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There are many effective, FDA-approved medications for treating ulcerative colitis (UC), but none of them are perfect, so the search for other remedies - including herbal medicines, natural oils and helpful intestinal bacteria - is ongoing. Are these alternative treatments worth trying? Here's the scoop:
- "Healthy" bacteria: Living in your digestive system are approximately 400 different types of "good" bacteria that assist in digestion and keep your GI tract healthy, according to the Crohn's & Colitis Foundation of America. When levels of good bacteria diminish, unhealthy bacteria can thrive, causing diarrhea and other digestive problems, which may mean big trouble for people with UC. Probiotics - living microorganisms (bacteria or yeast) that are the same or similar to the good organisms already in your digestive tract - can help. They're available in pills, powders, liquids, wafers, and even some foods, like yogurt. According to the American Gastroenterological Association, studies suggest that probiotics may help decrease inflammation and delay flare-ups of UC. "I don't suggest probiotics to my patients because they can be expensive and there's no solid evidence that they work, but if patients come to me and say they would like to try probiotics in addition to their regular treatment, I tell them to go ahead," says Deborah Proctor, M.D., professor of medicine and medical director of the Inflammatory Bowel Disease Program at Yale University. "In a few years, research may reveal whether probiotics really can help, and which ones are best to take for ulcerative colitis."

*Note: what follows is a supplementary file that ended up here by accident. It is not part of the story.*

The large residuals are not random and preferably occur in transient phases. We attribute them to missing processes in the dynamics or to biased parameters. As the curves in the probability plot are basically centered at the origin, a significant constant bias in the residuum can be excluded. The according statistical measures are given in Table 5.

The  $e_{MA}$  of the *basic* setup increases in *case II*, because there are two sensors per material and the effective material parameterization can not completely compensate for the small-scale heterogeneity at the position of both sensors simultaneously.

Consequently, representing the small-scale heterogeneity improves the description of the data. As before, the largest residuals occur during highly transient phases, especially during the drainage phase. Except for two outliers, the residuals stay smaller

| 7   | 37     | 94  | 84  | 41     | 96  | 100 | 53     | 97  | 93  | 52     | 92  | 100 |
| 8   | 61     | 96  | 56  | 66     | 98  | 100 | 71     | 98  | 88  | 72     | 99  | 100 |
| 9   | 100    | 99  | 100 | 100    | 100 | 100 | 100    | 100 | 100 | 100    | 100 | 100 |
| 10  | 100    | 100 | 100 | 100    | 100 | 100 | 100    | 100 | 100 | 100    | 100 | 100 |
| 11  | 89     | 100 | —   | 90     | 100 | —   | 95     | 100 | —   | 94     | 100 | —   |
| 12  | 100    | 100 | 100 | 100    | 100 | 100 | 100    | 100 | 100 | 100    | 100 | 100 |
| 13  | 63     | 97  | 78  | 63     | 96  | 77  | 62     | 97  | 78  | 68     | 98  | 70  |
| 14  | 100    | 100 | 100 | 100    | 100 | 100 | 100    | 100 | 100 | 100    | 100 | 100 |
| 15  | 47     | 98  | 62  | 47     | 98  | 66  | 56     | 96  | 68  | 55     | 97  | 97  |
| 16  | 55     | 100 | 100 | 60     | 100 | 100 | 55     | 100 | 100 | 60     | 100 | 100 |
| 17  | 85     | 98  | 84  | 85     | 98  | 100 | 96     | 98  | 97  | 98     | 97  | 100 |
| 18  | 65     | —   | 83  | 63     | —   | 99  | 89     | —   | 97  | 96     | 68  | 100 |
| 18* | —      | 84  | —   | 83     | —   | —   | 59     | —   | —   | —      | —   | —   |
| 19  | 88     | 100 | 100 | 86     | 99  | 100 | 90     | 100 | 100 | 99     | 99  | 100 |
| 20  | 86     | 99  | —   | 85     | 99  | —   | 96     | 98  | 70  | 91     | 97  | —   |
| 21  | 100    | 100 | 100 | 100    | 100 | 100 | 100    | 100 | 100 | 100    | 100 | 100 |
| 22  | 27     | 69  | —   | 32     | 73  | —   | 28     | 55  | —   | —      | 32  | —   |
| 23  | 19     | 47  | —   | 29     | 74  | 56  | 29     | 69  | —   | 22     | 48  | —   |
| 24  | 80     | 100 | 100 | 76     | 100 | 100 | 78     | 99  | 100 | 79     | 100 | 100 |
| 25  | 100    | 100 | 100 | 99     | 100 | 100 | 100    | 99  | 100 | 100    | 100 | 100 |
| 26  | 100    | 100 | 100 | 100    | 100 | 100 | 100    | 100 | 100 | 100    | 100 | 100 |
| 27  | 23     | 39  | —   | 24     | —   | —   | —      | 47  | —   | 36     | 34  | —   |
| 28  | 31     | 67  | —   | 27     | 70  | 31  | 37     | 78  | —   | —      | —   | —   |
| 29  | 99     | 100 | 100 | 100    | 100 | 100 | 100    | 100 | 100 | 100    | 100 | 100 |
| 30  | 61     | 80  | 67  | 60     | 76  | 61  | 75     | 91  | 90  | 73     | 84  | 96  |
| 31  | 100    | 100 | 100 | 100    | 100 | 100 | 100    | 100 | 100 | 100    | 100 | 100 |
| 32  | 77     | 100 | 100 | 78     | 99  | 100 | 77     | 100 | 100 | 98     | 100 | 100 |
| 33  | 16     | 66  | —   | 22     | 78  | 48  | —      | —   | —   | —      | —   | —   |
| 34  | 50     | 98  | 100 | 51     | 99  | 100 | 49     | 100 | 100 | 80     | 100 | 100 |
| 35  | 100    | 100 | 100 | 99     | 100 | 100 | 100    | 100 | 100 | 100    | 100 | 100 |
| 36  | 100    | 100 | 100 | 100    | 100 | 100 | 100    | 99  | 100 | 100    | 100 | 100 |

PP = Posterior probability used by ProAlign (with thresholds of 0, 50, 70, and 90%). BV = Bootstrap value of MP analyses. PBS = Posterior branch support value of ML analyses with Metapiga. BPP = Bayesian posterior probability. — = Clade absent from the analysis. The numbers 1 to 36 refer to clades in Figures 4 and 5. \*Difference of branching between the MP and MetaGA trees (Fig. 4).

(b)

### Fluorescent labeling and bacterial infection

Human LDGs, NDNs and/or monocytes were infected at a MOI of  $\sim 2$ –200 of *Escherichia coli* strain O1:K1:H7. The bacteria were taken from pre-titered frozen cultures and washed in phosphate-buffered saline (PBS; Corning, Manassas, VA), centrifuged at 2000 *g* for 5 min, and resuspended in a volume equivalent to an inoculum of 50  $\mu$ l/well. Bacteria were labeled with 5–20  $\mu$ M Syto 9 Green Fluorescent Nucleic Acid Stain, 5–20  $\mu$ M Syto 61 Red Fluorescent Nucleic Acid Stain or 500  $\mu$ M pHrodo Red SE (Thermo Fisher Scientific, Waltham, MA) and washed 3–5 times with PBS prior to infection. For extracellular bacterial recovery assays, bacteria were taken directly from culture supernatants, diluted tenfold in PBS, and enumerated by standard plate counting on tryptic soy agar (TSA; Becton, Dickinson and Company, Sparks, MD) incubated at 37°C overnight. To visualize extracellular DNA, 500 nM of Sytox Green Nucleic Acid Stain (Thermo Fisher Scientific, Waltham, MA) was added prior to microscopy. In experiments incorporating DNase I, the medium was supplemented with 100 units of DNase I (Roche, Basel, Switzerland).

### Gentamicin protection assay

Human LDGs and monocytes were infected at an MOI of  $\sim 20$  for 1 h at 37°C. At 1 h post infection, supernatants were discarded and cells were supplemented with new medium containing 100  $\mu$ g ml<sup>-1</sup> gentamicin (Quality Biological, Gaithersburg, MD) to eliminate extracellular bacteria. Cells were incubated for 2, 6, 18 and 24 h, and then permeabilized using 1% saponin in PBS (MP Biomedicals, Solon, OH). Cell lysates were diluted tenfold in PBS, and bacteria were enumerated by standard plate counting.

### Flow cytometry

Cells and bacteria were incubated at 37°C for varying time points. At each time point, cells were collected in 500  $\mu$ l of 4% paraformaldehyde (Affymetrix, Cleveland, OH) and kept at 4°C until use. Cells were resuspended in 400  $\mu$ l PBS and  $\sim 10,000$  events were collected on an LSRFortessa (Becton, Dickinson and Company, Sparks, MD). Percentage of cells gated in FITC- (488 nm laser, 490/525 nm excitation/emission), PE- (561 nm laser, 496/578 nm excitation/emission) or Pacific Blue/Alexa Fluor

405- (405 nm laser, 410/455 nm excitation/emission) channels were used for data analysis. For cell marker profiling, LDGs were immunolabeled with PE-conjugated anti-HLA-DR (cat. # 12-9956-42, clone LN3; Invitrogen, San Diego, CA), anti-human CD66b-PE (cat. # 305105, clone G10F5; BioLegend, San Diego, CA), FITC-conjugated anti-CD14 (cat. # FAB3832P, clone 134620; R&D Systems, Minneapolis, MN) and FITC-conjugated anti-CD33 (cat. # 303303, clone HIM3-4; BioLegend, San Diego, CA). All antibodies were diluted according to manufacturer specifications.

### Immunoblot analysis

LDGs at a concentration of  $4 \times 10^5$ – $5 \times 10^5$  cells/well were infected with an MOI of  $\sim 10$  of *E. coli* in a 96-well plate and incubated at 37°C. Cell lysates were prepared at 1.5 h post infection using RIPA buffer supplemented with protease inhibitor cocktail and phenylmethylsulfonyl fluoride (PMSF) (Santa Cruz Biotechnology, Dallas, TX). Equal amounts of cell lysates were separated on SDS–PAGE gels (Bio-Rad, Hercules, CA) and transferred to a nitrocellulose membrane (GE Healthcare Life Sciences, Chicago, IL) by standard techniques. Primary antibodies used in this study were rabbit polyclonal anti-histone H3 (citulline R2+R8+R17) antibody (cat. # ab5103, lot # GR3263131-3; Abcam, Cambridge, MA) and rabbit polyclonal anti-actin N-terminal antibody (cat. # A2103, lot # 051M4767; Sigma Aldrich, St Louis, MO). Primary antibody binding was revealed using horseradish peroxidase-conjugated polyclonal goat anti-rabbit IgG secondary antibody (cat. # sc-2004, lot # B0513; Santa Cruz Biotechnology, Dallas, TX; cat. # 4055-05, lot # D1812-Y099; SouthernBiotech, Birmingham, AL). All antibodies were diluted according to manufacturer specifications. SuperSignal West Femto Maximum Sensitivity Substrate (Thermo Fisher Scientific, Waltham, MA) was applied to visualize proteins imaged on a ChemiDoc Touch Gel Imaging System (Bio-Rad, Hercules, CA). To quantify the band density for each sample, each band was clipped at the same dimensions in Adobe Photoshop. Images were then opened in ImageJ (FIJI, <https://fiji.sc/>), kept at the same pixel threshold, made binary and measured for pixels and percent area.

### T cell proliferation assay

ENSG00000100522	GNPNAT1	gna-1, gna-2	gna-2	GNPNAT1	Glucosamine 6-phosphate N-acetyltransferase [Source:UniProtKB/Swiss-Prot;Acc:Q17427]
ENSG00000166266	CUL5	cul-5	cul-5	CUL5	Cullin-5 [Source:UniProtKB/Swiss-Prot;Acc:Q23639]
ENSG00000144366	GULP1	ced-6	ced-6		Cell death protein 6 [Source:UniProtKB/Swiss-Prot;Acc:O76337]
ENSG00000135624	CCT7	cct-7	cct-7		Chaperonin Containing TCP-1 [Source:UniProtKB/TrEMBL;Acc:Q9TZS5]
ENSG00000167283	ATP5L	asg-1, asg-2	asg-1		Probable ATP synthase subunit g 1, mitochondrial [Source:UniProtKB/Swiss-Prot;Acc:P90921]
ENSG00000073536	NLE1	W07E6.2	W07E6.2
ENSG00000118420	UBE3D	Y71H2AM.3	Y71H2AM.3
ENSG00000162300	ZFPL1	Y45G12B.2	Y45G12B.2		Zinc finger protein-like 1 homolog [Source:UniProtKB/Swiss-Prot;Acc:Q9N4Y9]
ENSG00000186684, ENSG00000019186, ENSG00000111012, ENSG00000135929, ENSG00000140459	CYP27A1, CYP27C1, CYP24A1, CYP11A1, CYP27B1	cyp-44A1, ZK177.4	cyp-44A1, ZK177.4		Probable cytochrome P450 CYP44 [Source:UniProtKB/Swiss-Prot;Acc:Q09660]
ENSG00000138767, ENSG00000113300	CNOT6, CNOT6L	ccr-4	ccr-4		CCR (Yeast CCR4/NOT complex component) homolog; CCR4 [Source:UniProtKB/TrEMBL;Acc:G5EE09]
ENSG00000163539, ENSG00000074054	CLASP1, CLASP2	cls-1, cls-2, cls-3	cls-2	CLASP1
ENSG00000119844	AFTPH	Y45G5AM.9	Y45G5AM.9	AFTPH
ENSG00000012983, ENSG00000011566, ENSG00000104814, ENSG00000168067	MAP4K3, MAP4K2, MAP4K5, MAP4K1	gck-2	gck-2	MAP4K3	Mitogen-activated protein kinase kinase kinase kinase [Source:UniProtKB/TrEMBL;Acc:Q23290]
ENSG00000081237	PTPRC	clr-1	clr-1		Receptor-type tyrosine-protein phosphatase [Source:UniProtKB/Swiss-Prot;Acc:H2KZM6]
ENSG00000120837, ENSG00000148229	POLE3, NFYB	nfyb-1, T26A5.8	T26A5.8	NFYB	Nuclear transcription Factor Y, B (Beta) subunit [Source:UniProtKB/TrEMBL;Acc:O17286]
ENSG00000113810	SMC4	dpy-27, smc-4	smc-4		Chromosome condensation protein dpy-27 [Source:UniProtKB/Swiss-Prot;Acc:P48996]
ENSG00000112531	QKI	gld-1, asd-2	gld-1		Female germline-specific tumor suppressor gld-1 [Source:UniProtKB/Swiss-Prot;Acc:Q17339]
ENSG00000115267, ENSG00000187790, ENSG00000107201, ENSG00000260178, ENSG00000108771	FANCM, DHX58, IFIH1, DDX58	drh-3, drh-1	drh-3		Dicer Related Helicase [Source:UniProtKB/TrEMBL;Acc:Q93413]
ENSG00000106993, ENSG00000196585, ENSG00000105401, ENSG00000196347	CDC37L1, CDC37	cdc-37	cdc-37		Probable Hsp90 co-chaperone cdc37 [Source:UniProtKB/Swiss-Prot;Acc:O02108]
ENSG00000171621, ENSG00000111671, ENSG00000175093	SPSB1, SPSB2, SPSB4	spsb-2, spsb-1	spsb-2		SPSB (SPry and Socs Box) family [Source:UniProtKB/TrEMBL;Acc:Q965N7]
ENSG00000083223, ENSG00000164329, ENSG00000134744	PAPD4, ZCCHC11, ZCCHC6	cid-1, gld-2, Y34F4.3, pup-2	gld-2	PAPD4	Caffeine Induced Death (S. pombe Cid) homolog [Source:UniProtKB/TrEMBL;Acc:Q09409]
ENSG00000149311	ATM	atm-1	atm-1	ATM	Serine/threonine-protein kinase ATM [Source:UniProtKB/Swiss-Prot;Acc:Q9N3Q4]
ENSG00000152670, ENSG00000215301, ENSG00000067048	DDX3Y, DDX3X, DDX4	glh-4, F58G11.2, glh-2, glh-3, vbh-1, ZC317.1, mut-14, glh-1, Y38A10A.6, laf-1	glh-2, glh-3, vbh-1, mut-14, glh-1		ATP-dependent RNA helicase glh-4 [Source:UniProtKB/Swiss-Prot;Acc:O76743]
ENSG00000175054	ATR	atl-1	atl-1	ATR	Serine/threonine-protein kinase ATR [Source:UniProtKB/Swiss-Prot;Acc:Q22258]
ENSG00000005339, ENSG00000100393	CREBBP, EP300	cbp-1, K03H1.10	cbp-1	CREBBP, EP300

- Natural oils: Omega-3 fatty acids in fish and certain plants like flax (in flaxseed oil) are known to have anti-inflammatory properties, and some researchers have recently tested whether those properties might help people with UC. Until more evidence is available, talk with your doctor before taking supplements of fish oils or other oils, since large doses of oils may interfere with the potency of certain medications. For most people, eating fatty fish and using vegetable oils (such as canola) that contain omega-3 fatty acids as part of a varied, well-rounded diet is safe and good practice under any circumstances, says Dr. Proctor (although there is not yet enough evidence to support their use for UC symptoms).
- Herbal medicines: When brewed as teas, certain herbs, like chamomile and peppermint, have long been thought to have calming effects on the digestive tract. In some small studies, the age-old herb frankincense, used in traditional Indian Ayurvedic medicine, has been found to have effects in UC patients similar to those of certain 5-ASA medications, but much more study is needed to confirm these findings. The bottom line? There is not yet enough evidence that any herbal medication can reduce symptoms of UC or other inflammatory bowel diseases. Also, because herbal supplements are not regulated by the FDA, the quality of these products can vary dramatically. Consult your physician before trying any herbal preparation - and don't stop taking your prescribed medication in order to try an herbal remedy.
Reviewed by: Vikram Tarugu, M.D.